While at Camp Half Blood, Percy Jackson is startled to discover that he has a half-brother Tyson who is a cyclops. A mechanical bull then breaks through The Barrier that protects the camp from the outside world and goes on a rampage before being brought down. Afterwards they realise that The Barrier, which is created by a tree grown from the body of the dead Thalia, is dying. Annabeth works out that they could use the Golden Fleece to heal The Barrier. Percy hears a prophecy from The Oracle that he will be the one to find the Golden Fleece but that a great battle will ensue. Annabeth proposes a quest to find The Fleece but Mr D instead assigns it to Clarisse, the ambitious daughter of Hades. Percy, Annabeth and Grover set out on their own unauthorised quest, joined by an unwelcome Tyson. The journey takes them to the abandoned Circeland amusement park in the Bermuda Triangle where they must obtain the Fleece from the Cyclops Polyphemus. They realise they are up against Luke, the son of Hermes, who is seeking to use The Golden Fleece to resurrect Kronos, the most powerful and dangerous of the Titans.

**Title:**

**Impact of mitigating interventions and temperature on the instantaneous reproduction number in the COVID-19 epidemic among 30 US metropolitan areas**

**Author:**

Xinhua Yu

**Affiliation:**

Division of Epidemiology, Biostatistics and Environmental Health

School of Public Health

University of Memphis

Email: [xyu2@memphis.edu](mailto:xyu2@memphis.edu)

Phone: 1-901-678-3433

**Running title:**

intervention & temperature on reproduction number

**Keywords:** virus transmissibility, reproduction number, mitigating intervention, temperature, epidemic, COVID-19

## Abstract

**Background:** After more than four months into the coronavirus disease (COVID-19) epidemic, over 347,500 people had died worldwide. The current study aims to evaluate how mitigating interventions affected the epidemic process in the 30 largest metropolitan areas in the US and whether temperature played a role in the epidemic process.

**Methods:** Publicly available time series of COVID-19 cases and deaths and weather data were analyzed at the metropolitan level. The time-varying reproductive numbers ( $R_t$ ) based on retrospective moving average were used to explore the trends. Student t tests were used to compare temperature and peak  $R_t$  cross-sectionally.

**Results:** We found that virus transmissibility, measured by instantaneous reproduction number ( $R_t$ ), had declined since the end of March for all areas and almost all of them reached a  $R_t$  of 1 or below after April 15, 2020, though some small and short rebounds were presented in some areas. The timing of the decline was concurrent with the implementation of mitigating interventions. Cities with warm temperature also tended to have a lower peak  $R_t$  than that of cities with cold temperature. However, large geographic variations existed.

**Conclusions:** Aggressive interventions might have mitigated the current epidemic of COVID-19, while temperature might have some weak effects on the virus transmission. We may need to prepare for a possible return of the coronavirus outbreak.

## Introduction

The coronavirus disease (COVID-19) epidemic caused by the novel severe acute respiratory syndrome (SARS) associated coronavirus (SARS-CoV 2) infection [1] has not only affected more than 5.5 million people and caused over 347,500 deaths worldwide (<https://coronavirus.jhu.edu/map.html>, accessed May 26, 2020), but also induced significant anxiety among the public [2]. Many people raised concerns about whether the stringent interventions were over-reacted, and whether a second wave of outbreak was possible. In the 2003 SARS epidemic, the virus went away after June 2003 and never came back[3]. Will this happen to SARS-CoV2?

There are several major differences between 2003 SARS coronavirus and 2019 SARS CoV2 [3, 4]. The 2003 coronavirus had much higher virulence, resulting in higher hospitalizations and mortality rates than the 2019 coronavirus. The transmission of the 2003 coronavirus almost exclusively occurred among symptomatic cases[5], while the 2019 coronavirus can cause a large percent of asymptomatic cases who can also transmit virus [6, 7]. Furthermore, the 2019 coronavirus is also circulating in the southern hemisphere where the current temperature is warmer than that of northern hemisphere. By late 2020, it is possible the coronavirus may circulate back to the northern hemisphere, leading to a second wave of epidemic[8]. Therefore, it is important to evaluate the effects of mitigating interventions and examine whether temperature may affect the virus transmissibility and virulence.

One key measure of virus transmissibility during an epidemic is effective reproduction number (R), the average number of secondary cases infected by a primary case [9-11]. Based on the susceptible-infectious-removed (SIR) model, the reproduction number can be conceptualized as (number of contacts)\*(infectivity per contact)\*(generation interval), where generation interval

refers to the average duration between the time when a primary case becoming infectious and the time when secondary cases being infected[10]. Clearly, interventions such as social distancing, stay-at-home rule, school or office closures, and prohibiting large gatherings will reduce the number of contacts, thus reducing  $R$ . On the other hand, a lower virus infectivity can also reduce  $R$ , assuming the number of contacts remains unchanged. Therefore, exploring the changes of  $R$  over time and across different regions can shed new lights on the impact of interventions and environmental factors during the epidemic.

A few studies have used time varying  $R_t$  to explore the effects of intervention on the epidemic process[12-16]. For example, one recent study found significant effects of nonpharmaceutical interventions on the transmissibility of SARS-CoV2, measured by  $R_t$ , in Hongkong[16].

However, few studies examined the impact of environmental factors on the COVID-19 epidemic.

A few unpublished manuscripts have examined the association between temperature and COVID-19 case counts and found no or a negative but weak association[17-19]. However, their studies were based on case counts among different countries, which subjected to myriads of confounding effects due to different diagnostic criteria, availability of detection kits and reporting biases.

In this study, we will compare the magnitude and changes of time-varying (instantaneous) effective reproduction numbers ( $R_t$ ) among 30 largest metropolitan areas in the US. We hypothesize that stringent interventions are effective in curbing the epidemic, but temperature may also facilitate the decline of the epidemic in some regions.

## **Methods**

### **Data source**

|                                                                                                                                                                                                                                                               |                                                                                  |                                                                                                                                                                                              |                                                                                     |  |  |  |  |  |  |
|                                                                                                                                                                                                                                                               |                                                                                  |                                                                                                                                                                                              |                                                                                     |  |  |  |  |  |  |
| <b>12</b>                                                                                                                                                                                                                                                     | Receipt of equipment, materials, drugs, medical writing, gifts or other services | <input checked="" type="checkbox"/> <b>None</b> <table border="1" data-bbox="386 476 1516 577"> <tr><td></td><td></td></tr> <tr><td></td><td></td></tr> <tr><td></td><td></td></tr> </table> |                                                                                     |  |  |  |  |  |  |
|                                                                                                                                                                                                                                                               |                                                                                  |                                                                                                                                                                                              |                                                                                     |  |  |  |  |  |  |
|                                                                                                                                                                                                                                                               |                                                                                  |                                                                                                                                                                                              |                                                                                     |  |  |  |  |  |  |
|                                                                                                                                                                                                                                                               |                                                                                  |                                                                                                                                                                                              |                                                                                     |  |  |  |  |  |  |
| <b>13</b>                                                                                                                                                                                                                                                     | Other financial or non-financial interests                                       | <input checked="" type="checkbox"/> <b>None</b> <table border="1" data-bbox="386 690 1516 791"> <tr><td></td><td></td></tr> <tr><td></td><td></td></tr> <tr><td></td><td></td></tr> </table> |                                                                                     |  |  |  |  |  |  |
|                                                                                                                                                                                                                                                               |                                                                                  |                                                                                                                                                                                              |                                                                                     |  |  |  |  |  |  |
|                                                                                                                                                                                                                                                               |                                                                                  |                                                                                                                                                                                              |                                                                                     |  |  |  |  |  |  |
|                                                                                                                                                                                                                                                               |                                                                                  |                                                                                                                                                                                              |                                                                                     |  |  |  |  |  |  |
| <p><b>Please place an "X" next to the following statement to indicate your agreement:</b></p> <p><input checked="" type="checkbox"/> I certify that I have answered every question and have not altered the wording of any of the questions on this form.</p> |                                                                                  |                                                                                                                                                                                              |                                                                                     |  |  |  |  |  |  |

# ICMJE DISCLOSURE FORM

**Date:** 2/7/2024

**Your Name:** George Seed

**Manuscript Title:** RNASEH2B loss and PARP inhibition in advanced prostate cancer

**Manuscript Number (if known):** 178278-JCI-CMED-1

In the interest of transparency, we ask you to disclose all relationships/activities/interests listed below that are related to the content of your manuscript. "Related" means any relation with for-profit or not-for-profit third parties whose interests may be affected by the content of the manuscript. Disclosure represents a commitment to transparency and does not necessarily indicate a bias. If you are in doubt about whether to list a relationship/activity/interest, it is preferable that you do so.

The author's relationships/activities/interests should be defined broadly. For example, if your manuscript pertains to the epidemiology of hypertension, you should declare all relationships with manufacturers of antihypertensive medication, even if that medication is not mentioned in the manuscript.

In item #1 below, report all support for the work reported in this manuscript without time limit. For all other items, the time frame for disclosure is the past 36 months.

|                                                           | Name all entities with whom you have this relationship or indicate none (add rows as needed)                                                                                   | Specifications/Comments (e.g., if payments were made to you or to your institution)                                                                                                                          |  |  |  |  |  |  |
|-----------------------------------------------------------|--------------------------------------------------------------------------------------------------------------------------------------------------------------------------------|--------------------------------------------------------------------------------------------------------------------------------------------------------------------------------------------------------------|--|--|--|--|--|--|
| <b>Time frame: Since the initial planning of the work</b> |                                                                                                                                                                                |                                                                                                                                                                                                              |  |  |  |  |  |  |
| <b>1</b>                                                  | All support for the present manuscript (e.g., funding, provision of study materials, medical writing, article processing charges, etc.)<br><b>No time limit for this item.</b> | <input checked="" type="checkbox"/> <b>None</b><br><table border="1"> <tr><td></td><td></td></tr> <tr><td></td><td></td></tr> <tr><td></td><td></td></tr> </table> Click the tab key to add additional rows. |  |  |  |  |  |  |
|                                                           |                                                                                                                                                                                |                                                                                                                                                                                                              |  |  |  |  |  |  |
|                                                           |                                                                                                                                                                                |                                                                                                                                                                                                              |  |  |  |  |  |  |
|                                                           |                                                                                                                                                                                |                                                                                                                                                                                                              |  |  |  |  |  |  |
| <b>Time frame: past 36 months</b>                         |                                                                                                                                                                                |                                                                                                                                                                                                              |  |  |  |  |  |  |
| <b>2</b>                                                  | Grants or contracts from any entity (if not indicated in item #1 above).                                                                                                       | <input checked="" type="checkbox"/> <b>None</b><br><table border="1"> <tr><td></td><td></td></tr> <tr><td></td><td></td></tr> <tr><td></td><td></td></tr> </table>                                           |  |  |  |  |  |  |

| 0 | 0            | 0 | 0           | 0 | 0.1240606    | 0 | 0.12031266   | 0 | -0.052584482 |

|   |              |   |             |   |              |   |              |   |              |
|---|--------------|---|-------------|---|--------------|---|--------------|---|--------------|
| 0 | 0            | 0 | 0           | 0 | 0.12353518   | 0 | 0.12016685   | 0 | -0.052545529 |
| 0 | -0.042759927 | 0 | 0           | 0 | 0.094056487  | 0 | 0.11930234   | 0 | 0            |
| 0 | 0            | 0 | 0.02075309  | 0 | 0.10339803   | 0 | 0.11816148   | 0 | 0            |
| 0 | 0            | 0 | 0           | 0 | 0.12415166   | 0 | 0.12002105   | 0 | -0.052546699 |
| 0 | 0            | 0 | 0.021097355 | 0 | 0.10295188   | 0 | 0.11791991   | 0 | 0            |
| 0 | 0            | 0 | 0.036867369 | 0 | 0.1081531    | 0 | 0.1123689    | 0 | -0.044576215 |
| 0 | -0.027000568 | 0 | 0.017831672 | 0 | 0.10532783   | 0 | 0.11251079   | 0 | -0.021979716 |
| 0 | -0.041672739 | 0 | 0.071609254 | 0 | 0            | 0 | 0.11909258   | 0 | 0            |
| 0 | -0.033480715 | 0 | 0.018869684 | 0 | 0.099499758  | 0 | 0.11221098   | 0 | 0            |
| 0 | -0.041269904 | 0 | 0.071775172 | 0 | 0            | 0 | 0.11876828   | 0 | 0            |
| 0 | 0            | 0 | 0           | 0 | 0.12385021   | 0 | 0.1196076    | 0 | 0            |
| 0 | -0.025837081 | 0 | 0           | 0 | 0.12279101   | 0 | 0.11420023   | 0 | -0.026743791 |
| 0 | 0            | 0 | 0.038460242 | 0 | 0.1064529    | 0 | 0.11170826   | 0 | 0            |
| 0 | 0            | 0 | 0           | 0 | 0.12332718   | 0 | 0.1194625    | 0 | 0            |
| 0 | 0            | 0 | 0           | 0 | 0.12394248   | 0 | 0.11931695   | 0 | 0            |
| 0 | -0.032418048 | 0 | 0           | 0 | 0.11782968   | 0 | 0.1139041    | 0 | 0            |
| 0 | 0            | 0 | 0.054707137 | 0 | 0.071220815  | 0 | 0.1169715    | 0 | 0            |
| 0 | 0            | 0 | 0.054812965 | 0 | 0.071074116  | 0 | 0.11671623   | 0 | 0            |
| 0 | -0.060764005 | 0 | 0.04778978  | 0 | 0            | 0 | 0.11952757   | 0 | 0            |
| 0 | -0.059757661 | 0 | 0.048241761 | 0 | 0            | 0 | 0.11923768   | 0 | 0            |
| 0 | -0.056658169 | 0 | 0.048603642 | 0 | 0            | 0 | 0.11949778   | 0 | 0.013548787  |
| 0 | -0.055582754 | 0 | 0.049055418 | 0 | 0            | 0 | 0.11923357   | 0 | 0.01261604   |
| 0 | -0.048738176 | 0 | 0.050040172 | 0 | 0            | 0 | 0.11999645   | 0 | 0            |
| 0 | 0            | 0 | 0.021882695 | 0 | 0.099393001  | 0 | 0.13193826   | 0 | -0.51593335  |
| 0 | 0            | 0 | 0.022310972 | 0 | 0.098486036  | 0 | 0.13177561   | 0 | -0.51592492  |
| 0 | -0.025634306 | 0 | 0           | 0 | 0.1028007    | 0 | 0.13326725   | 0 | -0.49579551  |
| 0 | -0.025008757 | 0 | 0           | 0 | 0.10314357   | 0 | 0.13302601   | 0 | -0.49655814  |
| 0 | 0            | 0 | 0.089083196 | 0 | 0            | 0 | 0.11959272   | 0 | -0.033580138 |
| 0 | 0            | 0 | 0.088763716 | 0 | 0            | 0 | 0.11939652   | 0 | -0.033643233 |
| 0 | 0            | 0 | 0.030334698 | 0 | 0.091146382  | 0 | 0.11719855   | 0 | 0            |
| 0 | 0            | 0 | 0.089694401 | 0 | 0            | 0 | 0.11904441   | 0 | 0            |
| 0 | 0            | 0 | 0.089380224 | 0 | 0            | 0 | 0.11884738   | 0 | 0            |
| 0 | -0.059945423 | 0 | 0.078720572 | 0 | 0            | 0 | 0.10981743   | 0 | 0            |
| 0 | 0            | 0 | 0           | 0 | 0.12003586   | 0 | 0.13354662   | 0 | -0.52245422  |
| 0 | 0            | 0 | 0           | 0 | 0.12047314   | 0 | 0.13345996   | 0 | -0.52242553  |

Percy Jackson: Sea of Monsters is the second film based on Rick Riordan’s Percy Jackson novels. These consisted of a series of five Young Adult books (as well as several spinoffs) that conducted a Harry Potter-styled adventure using Greek myth transplanted into the modern day. I cannot say I much liked the first film version Percy Jackson & the Olympians: The Lightning Thief (2010). It suffered from wanting to be another Harry Potter to which extent it had imported Harry Potter director Chris Columbus who did his usual thing in turning in a film filled with visual effects scenes that had all the substance of eye candy, bland characters of zero depth and simplistic emotional cues that seemed to be there along with the orchestra to guide an audience towards points that were thunderingly obvious.